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The Officer Of The Superior Election Says That Anyone Who Doubts The Integrity Of The Vote Should Serve As A Survey Worker

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Anyone who doubts the integrity of elections should try serving as a poll worker so they can observe what checks and balances are involved, U.S. Election Assistance Commission Commissioner Ben Hovland has told Newsweek.

As President Donald Trump persists with his allegations of fraud and widespread irregularities, Hovland said that those involved in running elections care more than anyone that this is done in a fair and accurate manner.

“Election officials care more about the integrity of elections than anyone else I know,” he said.

“If there was basis to these claims they would want to see them and get to the bottom of it.”

Asked what he would say to those who do not trust the outcome, Hovland told Newsweek: “Whenever I run into people who lack confidence in the integrity of the election process, I encourage them to serve as a poll worker.”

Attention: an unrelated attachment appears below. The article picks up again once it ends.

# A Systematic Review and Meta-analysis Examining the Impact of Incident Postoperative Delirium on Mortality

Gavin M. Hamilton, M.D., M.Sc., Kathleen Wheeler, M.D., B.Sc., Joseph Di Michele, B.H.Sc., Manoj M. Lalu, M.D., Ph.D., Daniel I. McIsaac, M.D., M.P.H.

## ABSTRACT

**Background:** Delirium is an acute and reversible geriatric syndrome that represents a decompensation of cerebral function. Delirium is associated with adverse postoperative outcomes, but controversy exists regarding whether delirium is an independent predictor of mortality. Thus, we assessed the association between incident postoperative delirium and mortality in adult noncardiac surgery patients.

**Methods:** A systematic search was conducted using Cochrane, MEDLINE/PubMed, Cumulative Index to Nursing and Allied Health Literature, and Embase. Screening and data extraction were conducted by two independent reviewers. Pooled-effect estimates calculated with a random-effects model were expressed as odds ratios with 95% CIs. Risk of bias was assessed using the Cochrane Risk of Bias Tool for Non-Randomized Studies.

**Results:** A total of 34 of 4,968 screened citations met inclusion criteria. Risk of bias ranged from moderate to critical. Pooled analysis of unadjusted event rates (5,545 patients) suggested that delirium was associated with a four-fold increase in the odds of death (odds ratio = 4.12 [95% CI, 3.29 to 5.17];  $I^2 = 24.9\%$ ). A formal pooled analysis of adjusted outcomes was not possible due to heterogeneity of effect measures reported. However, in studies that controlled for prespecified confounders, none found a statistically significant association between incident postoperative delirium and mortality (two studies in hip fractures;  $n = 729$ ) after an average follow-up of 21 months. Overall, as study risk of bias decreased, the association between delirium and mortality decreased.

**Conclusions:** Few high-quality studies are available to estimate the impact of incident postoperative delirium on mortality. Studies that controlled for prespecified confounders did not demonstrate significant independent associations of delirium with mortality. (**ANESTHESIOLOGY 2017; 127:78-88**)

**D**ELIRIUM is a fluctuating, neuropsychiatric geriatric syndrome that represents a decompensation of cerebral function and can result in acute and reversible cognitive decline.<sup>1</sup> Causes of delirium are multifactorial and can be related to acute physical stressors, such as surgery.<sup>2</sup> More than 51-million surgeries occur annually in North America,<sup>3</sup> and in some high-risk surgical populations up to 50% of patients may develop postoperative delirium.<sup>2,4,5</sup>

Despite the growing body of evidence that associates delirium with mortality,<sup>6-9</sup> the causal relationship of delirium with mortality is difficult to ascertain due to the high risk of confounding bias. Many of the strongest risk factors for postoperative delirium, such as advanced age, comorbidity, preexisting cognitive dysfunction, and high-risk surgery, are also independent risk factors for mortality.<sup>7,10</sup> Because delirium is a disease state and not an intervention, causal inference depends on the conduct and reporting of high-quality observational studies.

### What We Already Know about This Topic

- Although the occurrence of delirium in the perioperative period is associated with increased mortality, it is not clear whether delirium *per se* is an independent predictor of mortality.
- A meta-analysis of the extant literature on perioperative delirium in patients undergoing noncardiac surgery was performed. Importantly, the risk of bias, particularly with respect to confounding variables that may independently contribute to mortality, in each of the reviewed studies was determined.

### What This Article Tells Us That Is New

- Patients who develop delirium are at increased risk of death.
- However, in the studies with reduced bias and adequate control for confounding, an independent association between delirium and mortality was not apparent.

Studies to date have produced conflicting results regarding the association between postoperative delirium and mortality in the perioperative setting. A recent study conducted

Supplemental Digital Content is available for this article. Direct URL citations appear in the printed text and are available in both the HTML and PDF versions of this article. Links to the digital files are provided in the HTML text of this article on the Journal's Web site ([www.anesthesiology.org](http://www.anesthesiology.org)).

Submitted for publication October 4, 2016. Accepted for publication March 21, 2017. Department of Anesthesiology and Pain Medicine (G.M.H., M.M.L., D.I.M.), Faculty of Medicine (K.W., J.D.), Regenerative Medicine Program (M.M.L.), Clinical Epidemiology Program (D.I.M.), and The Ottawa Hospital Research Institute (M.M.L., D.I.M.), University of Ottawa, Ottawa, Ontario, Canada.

He added that anyone who might serve in such a capacity would see the checks and balances in place while being witness to the security protocols.

Regarding ongoing election lawsuits, Hovland noted what is being said in court and in press conferences differs.

“They [the president and his allies] are having the opportunity to make their case and they’re failing to make it,” he added.

Hovland, a Trump appointee, has previously broken rank with the president and insisted he has confidence in the election process.

Newsweek has contacted the Trump campaign for comment.

The president continues to criticize the elections process and has insisted that widespread fraud and irregularities facilitated Biden’s success.

Networks have called Biden as the election victor, with 306 Electoral College votes. However, Trump has rejected the judgment of the “lamestream media.”

He continues to push against the outcome, despite his team having failed to evidence widespread fraud which could change this thus far.

A poll worker (L) assists voters as they enter the West Boulevard branch of the Mecklenburg County library in Charlotte, North Carolina, on October 15, 2020, during the first day of early voting.
Grant Baldwin/AFP via Getty Images

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